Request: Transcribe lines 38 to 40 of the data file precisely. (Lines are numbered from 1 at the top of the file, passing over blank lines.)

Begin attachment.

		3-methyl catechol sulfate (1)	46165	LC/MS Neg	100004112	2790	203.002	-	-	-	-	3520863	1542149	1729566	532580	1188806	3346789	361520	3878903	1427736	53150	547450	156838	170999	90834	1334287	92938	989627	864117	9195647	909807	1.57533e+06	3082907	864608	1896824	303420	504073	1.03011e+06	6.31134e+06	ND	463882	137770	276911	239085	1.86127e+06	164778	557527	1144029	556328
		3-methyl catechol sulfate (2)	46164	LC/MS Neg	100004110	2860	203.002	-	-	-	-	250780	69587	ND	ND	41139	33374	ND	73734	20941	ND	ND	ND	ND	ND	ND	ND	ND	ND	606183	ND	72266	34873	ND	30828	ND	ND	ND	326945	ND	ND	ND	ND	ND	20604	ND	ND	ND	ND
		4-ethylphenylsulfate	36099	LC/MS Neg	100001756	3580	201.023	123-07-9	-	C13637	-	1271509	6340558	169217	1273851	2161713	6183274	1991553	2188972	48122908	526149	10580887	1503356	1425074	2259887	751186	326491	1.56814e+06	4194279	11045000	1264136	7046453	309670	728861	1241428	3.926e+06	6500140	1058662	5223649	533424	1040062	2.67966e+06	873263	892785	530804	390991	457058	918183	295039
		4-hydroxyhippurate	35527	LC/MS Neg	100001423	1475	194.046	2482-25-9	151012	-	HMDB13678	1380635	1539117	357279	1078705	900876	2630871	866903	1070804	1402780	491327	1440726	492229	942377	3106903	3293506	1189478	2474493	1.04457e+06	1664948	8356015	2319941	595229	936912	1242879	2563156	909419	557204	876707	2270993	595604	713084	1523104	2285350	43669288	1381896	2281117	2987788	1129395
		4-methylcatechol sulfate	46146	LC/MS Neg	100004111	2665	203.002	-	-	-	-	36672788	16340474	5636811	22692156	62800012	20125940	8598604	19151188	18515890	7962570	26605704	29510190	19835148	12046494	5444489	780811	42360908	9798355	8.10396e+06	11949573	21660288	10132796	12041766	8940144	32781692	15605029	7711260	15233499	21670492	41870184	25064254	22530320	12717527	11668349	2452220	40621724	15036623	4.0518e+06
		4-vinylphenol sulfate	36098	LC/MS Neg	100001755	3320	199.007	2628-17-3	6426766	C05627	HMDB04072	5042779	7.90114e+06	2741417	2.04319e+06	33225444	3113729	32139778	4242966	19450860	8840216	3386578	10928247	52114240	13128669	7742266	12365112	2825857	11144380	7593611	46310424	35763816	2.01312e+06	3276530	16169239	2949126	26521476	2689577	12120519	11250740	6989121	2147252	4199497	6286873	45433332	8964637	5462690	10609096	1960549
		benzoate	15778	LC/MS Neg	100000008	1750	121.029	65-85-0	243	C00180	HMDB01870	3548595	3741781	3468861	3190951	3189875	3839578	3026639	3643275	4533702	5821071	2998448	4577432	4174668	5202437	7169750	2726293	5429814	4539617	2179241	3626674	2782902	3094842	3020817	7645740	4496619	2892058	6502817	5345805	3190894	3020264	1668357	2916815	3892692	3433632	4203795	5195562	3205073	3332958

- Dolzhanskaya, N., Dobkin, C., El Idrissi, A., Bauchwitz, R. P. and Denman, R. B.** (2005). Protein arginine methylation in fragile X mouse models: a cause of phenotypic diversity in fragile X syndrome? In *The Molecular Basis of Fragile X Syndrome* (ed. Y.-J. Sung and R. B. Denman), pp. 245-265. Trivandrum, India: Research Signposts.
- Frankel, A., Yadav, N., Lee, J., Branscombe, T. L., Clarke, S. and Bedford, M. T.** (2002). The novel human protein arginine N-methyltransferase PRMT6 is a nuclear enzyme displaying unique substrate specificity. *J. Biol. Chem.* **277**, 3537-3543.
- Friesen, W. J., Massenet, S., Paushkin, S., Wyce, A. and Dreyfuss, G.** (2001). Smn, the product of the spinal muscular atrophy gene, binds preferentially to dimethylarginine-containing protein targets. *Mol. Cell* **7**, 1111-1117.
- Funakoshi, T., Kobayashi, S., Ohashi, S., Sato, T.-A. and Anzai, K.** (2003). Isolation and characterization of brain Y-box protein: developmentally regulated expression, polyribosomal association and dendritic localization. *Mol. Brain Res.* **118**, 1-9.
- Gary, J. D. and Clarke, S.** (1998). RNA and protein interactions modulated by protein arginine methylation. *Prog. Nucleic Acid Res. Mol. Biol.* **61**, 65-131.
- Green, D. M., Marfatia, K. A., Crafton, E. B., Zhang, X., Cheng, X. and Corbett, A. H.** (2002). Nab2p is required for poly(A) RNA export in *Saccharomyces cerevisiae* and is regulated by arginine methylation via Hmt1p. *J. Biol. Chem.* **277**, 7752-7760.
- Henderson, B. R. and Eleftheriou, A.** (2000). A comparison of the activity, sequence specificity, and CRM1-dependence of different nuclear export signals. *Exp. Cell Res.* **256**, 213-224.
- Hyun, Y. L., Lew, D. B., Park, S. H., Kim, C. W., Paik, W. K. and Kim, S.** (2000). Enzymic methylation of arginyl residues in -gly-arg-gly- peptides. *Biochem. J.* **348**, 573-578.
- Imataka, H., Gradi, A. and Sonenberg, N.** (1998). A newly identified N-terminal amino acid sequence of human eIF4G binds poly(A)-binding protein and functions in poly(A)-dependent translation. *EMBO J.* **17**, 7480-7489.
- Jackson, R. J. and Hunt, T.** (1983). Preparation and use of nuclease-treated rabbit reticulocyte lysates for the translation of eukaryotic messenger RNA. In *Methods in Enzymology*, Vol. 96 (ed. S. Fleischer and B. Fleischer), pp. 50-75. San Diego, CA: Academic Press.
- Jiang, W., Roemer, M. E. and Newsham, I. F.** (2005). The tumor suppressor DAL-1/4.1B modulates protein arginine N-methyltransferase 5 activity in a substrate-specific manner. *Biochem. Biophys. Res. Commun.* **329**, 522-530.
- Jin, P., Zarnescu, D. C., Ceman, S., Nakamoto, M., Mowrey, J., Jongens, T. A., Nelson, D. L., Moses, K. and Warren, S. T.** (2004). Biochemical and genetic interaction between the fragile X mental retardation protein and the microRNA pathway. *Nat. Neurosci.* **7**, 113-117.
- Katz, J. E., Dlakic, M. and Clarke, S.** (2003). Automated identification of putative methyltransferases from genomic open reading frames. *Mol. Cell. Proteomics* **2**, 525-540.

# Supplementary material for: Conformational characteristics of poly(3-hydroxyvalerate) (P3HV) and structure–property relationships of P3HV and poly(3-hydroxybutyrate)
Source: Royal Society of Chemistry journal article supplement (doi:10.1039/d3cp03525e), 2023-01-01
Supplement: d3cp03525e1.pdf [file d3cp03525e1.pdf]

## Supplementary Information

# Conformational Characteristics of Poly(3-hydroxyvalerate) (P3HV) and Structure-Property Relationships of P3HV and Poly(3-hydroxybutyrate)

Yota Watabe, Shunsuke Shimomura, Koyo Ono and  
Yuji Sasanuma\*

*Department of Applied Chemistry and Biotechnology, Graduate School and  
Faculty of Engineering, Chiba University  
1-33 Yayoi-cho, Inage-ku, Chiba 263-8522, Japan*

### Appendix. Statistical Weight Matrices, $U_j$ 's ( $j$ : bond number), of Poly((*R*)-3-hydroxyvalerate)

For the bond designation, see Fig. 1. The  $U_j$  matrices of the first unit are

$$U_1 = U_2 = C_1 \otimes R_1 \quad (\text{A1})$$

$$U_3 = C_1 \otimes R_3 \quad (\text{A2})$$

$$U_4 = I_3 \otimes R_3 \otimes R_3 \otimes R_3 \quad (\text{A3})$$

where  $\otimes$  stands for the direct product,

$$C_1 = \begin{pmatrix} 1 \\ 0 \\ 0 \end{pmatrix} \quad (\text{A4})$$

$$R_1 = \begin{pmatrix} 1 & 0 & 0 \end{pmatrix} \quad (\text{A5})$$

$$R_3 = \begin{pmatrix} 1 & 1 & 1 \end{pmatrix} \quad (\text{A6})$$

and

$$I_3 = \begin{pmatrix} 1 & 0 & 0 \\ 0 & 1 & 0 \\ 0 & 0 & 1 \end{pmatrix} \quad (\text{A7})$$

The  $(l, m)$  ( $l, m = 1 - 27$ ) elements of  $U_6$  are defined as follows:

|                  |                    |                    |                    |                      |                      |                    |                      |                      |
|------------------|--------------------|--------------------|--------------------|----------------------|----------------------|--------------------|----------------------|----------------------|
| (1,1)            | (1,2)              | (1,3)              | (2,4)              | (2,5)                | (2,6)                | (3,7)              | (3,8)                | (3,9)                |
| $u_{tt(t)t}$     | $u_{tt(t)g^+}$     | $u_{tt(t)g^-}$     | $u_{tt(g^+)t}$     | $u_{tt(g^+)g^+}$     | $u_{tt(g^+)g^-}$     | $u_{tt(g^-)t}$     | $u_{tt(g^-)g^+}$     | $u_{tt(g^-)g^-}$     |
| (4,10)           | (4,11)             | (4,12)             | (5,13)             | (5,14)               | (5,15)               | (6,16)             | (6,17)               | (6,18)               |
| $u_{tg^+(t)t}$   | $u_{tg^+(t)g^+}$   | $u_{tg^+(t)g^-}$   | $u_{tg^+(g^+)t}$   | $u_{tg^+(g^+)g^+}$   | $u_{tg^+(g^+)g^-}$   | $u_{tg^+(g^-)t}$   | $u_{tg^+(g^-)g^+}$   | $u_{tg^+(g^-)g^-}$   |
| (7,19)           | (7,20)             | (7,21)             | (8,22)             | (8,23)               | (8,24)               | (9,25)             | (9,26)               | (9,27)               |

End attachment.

$$R_1 = \begin{pmatrix} 1 & 0 & 0 \end{pmatrix} \quad (\text{A5})$$

$$R_3 = \begin{pmatrix} 1 & 1 & 1 \end{pmatrix} \quad (\text{A6})$$

and